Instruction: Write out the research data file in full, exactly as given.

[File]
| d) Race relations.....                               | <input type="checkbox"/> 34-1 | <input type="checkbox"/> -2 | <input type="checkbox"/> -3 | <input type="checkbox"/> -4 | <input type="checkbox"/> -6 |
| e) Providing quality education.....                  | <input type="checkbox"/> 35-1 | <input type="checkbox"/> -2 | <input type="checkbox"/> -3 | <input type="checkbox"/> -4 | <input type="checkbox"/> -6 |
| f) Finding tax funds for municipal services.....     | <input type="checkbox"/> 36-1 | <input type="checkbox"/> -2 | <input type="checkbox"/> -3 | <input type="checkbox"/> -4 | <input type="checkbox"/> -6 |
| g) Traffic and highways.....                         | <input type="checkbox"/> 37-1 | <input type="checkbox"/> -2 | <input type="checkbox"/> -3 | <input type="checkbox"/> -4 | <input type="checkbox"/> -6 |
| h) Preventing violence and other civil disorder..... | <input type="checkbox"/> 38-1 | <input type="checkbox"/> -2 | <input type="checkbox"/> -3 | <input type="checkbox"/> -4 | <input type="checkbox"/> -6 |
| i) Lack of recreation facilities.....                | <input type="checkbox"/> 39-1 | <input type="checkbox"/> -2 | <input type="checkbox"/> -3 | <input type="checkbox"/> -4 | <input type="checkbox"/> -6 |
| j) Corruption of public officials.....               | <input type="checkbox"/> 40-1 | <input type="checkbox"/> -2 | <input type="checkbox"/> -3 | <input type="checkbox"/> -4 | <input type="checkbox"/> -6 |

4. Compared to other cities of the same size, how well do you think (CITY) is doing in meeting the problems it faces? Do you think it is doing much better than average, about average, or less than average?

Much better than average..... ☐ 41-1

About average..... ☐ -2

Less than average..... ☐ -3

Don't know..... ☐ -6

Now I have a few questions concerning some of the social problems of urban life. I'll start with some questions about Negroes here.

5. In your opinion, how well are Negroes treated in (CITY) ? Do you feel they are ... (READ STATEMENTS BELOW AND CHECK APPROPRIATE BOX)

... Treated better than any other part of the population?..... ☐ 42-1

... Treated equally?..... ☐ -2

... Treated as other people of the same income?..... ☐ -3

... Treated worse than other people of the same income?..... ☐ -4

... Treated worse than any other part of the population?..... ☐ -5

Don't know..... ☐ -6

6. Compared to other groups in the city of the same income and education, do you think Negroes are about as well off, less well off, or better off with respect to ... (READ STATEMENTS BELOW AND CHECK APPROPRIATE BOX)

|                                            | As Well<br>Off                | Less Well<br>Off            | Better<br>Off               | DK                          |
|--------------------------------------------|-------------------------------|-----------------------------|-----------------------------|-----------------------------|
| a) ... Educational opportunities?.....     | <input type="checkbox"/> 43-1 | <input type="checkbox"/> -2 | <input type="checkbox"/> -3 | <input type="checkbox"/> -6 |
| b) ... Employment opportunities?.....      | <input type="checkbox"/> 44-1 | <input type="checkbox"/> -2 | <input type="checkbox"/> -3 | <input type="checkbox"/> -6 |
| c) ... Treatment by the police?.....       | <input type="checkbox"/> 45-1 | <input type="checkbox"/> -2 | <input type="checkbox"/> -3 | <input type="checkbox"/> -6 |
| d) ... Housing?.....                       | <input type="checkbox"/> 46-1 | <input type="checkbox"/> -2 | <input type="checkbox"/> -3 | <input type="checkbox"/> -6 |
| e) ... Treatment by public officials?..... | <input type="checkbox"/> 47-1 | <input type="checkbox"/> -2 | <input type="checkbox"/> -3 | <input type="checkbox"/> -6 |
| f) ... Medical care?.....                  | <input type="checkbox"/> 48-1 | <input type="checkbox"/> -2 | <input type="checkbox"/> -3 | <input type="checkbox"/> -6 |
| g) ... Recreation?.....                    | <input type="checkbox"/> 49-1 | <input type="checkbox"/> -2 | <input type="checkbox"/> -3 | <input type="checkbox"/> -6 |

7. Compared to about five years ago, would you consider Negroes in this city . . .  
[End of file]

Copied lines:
| d) Race relations.....                               | <input type="checkbox"/> 34-1 | <input type="checkbox"/> -2 | <input type="checkbox"/> -3 | <input type="checkbox"/> -4 | <input type="checkbox"/> -6 |
| e) Providing quality education.....                  | <input type="checkbox"/> 35-1 | <input type="checkbox"/> -2 | <input type="checkbox"/> -3 | <input type="checkbox"/> -4 | <input type="checkbox"/> -6 |
| f) Finding tax funds for municipal services.....     | <input type="checkbox"/> 36-1 | <input type="checkbox"/> -2 | <input type="checkbox"/> -3 | <input type="checkbox"/> -4 | <input type="checkbox"/> -6 |
| g) Traffic and highways.....                         | <input type="checkbox"/> 37-1 | <input type="checkbox"/> -2 | <input type="checkbox"/> -3 | <input type="checkbox"/> -4 | <input type="checkbox"/> -6 |
| h) Preventing violence and other civil disorder..... | <input type="checkbox"/> 38-1 | <input type="checkbox"/> -2 | <input type="checkbox"/> -3 | <input type="checkbox"/> -4 | <input type="checkbox"/> -6 |
| i) Lack of recreation facilities.....                | <input type="checkbox"/> 39-1 | <input type="checkbox"/> -2 | <input type="checkbox"/> -3 | <input type="checkbox"/> -4 | <input type="checkbox"/> -6 |
| j) Corruption of public officials.....               | <input type="checkbox"/> 40-1 | <input type="checkbox"/> -2 | <input type="checkbox"/> -3 | <input type="checkbox"/> -4 | <input type="checkbox"/> -6 |

4. Compared to other cities of the same size, how well do you think (CITY) is doing in meeting the problems it faces? Do you think it is doing much better than average, about average, or less than average?

Much better than average..... ☐ 41-1

About average..... ☐ -2

Less than average..... ☐ -3

Don't know..... ☐ -6

Now I have a few questions concerning some of the social problems of urban life. I'll start with some questions about Negroes here.

5. In your opinion, how well are Negroes treated in (CITY) ? Do you feel they are ... (READ STATEMENTS BELOW AND CHECK APPROPRIATE BOX)

... Treated better than any other part of the population?..... ☐ 42-1

... Treated equally?..... ☐ -2

... Treated as other people of the same income?..... ☐ -3

... Treated worse than other people of the same income?..... ☐ -4

... Treated worse than any other part of the population?..... ☐ -5

Don't know..... ☐ -6

6. Compared to other groups in the city of the same income and education, do you think Negroes are about as well off, less well off, or better off with respect to ... (READ STATEMENTS BELOW AND CHECK APPROPRIATE BOX)

|                                            | As Well<br>Off                | Less Well<br>Off            | Better<br>Off               | DK                          |
|--------------------------------------------|-------------------------------|-----------------------------|-----------------------------|-----------------------------|
| a) ... Educational opportunities?.....     | <input type="checkbox"/> 43-1 | <input type="checkbox"/> -2 | <input type="checkbox"/> -3 | <input type="checkbox"/> -6 |
| b) ... Employment opportunities?.....      | <input type="checkbox"/> 44-1 | <input type="checkbox"/> -2 | <input type="checkbox"/> -3 | <input type="checkbox"/> -6 |
| c) ... Treatment by the police?.....       | <input type="checkbox"/> 45-1 | <input type="checkbox"/> -2 | <input type="checkbox"/> -3 | <input type="checkbox"/> -6 |
| d) ... Housing?.....                       | <input type="checkbox"/> 46-1 | <input type="checkbox"/> -2 | <input type="checkbox"/> -3 | <input type="checkbox"/> -6 |
| e) ... Treatment by public officials?..... | <input type="checkbox"/> 47-1 | <input type="checkbox"/> -2 | <input type="checkbox"/> -3 | <input type="checkbox"/> -6 |
| f) ... Medical care?.....                  | <input type="checkbox"/> 48-1 | <input type="checkbox"/> -2 | <input type="checkbox"/> -3 | <input type="checkbox"/> -6 |
| g) ... Recreation?.....                    | <input type="checkbox"/> 49-1 | <input type="checkbox"/> -2 | <input type="checkbox"/> -3 | <input type="checkbox"/> -6 |

7. Compared to about five years ago, would you consider Negroes in this city . . .  